Once they had a target, doctors asked Spletter to perform certain exercises, such as touching her thumb to her finger or pretending to press a gas pedal with her foot, to see if the surgery was working.

"The effects are immediate," said Dr. Paul Fishman, a professor of neurology at the University of Maryland School of Medicine, who has treated Spletter for several years and recommended she participate in the trial. "We saw improvement in her Parkinson's while doing her procedure."

Spletter could not believe what was happening.

"It was a miracle," she said.


The procedure performed on Spletter is one of many in the rapidly growing medical field of focused ultrasound. When the Focused Ultrasound Foundation was founded nine years ago, the therapy was being looked at to treat three conditions. Today, there are more than 58 ways the treatment is being used in various stages of research, development and commercialization.

It has been used to treat fibroid tumors, brain tumors and obsessive-compulsive disorder. There are plans for a clinical trial to see it could be used to treat Alzheimer's disease. The Parkinson's study builds off a previous pilot trial that looked at focused ultrasound to treat essential tremor, another progressive movement disorder.

"This is just one arrow in the quiver that neurosurgeons will have, if it works, to treat Parkinson's disease," said Dr. Neal F. Kassell, founder and chairman of the Focused Ultrasound Foundation, which is funding part of the study, and a professor of neurosurgery at the University of Virginia.

Kassell and the University of Maryland researchers caution that more research is needed to determine how effective the treatment is in treating Parkinson's. The study Spletter participated in will ultimately include 40 patients, who will be followed for a year.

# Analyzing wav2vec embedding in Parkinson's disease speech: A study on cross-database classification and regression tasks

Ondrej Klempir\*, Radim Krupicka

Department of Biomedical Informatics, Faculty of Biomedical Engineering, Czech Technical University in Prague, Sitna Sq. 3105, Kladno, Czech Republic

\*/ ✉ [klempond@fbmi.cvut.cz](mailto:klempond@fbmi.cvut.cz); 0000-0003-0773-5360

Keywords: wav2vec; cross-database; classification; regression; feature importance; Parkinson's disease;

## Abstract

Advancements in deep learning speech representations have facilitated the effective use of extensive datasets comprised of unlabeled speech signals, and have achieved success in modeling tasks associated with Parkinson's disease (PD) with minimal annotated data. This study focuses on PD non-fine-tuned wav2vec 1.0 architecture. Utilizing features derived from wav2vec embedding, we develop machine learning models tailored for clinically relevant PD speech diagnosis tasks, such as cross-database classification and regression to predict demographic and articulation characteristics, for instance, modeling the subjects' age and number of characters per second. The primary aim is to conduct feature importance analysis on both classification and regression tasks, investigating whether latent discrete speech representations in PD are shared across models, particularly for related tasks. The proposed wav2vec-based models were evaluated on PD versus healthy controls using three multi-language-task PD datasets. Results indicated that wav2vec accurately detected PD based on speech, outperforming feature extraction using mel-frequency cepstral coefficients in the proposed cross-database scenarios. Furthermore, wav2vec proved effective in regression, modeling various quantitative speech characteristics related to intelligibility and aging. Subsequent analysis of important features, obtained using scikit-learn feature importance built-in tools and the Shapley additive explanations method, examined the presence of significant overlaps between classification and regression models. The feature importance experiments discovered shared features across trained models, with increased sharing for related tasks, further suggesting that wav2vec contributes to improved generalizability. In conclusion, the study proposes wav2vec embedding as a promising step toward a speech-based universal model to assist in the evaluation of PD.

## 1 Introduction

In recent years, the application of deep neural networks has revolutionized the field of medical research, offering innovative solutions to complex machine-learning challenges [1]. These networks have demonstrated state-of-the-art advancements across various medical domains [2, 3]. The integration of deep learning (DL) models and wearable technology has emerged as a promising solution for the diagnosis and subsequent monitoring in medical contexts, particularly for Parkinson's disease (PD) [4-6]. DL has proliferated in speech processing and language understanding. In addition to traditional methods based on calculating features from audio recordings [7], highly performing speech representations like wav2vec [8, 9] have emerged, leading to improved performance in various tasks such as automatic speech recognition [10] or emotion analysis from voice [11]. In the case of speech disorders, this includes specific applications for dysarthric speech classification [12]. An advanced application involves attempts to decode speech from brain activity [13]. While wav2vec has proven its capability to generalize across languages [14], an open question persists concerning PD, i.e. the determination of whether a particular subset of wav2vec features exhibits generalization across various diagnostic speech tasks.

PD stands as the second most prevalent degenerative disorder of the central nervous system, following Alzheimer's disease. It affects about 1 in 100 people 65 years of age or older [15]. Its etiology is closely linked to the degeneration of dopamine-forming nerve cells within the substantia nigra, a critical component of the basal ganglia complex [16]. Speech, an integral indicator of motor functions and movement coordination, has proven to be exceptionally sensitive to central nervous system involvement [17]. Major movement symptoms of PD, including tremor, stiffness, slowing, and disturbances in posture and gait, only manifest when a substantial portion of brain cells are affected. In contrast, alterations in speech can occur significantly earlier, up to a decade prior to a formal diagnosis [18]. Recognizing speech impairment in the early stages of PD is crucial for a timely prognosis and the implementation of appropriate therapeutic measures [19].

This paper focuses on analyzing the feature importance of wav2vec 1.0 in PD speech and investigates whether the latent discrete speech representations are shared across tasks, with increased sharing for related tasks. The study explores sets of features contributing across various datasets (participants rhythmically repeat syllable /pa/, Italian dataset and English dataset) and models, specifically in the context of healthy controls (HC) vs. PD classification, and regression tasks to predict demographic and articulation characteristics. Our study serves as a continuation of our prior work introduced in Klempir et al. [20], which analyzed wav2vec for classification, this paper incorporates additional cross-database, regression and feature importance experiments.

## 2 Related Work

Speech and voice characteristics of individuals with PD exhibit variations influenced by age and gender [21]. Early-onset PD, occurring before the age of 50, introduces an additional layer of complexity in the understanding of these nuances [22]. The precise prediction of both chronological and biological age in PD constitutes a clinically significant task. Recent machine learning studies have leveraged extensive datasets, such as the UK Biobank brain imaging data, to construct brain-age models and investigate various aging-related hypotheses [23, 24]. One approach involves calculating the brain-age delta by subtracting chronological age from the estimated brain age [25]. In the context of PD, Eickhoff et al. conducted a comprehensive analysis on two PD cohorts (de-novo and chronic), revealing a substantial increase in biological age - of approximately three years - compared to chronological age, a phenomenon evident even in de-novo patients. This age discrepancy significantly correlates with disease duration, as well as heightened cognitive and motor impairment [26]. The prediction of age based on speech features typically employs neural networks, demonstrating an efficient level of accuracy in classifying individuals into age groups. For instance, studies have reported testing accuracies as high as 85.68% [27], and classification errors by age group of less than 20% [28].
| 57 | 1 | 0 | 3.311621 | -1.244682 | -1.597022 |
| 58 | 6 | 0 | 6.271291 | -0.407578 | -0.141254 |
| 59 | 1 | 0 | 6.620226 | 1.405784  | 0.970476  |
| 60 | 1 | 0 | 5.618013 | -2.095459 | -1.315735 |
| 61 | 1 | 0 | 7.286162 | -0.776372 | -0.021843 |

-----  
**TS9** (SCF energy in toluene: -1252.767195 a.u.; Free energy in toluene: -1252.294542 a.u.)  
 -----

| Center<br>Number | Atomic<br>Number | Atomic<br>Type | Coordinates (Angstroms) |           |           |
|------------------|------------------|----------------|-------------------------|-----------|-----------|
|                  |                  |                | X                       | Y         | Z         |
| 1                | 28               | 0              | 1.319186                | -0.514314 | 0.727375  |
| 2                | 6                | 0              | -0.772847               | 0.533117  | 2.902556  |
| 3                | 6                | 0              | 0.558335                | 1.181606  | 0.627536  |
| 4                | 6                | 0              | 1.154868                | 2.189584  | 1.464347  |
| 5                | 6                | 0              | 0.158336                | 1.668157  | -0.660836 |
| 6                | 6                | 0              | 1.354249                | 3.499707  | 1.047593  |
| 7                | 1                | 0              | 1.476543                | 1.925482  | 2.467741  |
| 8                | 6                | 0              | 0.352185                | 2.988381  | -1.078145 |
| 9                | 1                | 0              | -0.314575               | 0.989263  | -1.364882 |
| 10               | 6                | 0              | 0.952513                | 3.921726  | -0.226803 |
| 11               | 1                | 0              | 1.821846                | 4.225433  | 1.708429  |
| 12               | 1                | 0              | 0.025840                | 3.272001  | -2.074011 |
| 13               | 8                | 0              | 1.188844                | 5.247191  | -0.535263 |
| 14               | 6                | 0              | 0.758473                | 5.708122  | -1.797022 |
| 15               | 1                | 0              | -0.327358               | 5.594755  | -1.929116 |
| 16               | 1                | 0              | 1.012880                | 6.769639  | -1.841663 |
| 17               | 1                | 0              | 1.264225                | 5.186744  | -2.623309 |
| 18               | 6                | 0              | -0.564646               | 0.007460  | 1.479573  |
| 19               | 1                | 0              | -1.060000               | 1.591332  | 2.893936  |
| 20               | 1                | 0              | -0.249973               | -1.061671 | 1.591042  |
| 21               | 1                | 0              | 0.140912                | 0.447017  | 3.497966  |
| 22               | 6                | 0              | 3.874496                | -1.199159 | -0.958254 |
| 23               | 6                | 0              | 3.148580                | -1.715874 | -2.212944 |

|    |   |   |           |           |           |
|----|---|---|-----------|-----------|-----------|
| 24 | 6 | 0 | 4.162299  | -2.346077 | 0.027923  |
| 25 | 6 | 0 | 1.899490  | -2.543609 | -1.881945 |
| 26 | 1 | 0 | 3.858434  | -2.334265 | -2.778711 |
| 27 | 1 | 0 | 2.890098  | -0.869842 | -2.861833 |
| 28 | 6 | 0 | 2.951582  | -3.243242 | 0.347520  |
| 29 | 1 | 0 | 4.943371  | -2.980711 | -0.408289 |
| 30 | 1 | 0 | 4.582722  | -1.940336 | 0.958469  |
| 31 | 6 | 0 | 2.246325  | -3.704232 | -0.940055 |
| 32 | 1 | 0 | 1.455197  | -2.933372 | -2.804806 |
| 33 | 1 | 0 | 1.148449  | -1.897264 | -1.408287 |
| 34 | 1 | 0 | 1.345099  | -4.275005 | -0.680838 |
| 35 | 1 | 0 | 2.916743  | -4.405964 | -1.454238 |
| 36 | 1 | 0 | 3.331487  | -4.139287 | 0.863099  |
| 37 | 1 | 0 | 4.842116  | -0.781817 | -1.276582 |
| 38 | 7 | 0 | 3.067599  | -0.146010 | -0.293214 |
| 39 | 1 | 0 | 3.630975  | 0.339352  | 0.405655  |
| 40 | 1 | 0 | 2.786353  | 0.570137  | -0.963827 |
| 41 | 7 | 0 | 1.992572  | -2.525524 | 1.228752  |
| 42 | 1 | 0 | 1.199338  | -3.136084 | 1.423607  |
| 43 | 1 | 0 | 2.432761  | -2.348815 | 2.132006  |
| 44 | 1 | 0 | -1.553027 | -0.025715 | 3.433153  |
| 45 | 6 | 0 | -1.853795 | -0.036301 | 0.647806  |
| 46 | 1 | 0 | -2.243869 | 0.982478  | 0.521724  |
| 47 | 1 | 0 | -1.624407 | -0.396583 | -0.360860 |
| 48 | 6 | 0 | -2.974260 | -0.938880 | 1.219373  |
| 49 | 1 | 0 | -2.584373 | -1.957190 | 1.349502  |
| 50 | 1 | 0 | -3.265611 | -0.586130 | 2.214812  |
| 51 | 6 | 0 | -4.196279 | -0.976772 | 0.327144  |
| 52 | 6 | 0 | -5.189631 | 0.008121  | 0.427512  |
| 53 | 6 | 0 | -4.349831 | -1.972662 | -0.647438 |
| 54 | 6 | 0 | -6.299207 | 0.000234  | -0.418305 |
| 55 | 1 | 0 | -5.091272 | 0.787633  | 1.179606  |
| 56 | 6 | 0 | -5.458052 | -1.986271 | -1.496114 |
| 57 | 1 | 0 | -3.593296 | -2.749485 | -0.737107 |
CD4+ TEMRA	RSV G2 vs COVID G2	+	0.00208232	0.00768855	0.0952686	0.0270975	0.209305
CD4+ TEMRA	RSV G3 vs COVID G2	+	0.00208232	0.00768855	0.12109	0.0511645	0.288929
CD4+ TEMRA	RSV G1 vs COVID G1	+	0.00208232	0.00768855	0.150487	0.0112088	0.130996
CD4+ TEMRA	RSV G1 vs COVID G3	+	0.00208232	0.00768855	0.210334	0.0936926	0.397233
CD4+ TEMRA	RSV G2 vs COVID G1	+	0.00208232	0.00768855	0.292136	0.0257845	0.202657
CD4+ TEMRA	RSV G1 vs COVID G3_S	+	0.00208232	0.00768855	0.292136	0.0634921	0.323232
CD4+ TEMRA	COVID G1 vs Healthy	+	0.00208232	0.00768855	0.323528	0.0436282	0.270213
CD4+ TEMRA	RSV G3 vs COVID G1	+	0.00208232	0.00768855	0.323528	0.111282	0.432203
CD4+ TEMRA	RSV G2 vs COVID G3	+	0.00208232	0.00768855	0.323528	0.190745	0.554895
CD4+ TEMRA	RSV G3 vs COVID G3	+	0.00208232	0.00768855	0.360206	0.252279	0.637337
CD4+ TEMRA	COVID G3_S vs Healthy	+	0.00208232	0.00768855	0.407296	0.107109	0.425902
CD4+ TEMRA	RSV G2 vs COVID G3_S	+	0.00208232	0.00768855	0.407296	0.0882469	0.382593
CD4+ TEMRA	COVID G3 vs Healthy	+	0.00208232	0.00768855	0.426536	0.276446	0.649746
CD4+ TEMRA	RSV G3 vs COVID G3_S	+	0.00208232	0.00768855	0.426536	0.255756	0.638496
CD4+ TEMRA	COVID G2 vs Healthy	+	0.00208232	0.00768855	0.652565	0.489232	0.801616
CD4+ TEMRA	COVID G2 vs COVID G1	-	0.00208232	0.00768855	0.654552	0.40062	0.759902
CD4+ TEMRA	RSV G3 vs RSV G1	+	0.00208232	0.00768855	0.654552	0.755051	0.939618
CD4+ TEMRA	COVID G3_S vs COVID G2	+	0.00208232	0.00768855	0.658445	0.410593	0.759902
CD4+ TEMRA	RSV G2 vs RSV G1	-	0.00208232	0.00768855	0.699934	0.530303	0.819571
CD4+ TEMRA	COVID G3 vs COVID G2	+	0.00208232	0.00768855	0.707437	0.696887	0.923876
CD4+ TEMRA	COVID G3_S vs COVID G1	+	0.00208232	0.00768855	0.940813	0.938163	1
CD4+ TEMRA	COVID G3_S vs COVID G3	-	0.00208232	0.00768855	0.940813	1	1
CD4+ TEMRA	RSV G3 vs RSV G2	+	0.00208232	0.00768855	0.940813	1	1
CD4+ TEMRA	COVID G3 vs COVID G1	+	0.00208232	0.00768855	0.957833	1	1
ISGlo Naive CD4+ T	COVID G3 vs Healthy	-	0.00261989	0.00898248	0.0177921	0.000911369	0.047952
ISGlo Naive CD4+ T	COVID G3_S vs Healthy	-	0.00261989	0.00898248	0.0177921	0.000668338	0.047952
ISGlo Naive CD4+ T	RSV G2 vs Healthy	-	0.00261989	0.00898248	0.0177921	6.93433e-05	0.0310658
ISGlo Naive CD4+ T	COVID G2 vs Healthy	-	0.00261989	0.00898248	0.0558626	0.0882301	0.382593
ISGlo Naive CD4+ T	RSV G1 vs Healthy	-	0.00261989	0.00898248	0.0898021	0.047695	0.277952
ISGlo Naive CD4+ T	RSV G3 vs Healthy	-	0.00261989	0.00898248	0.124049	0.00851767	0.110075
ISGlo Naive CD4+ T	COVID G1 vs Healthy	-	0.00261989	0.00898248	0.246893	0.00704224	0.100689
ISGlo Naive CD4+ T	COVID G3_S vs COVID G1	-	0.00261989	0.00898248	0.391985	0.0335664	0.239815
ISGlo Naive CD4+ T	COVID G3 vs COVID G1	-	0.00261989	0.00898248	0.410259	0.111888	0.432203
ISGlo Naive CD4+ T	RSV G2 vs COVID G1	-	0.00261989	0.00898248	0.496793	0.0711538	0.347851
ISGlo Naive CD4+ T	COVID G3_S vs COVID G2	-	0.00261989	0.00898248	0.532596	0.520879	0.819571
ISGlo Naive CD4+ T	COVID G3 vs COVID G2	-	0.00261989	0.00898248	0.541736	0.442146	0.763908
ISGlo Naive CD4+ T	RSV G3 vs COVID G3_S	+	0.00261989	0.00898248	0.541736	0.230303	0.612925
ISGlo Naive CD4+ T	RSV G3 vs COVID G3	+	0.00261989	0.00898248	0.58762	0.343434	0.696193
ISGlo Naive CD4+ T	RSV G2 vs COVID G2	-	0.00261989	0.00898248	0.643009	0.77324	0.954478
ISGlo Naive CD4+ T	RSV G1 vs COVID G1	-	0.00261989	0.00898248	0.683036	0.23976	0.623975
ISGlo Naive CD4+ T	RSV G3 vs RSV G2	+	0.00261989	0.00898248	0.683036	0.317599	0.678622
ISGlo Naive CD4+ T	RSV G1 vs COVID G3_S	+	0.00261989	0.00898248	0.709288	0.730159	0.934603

"One of the things we don't know is whether this is durable," said Dr. Howard M. Eisenberg, principal investigator and the Raymond K. Thompson Chair of Neurosurgery at the University of Maryland School of Medicine. Spletter "was good today. She was seen a few days ago, and she was good. We don't know if she'll be good in six months."

A larger study will need to be done eventually.


"It is in its early stages," Kassell said. "It remains to be proven definitively in a rigorous scientific trial whether it provides true value in terms of improving outcomes and reducing costs."

The study also is limited in scope. For instance, researchers are looking only at subjects with symptoms on one side of their bodies. Parkinson's only affects the left side of Spletter's body. Participants also must have had a negative reaction to levodopa, a drug used to treat Parkinson's that sometimes leads to a poor quality of life.

The Morning Sun


Get your morning news in your e-mail inbox. Get all the top news and sports from the

Spletter was nervous about participating in the trial at first.

"There wasn't enough information out there about it," she said. "If I had been the 5,000th patient, I would be pretty calm about it. But fear of the unknown kept bothering me."

But Spletter's condition had become so bad that she was hoping for any relief. She couldn't walk anywhere and was almost always in pain. At restaurants, she sat on the inside of booths so people wouldn't stare at her trembling leg.

She knows there is a chance the effects of the procedure might not last long. For now, she is enjoying her new life — and looking forward to those downtown walks.


"It doesn't seem like a big deal," she said. "But when you can't do it, it is."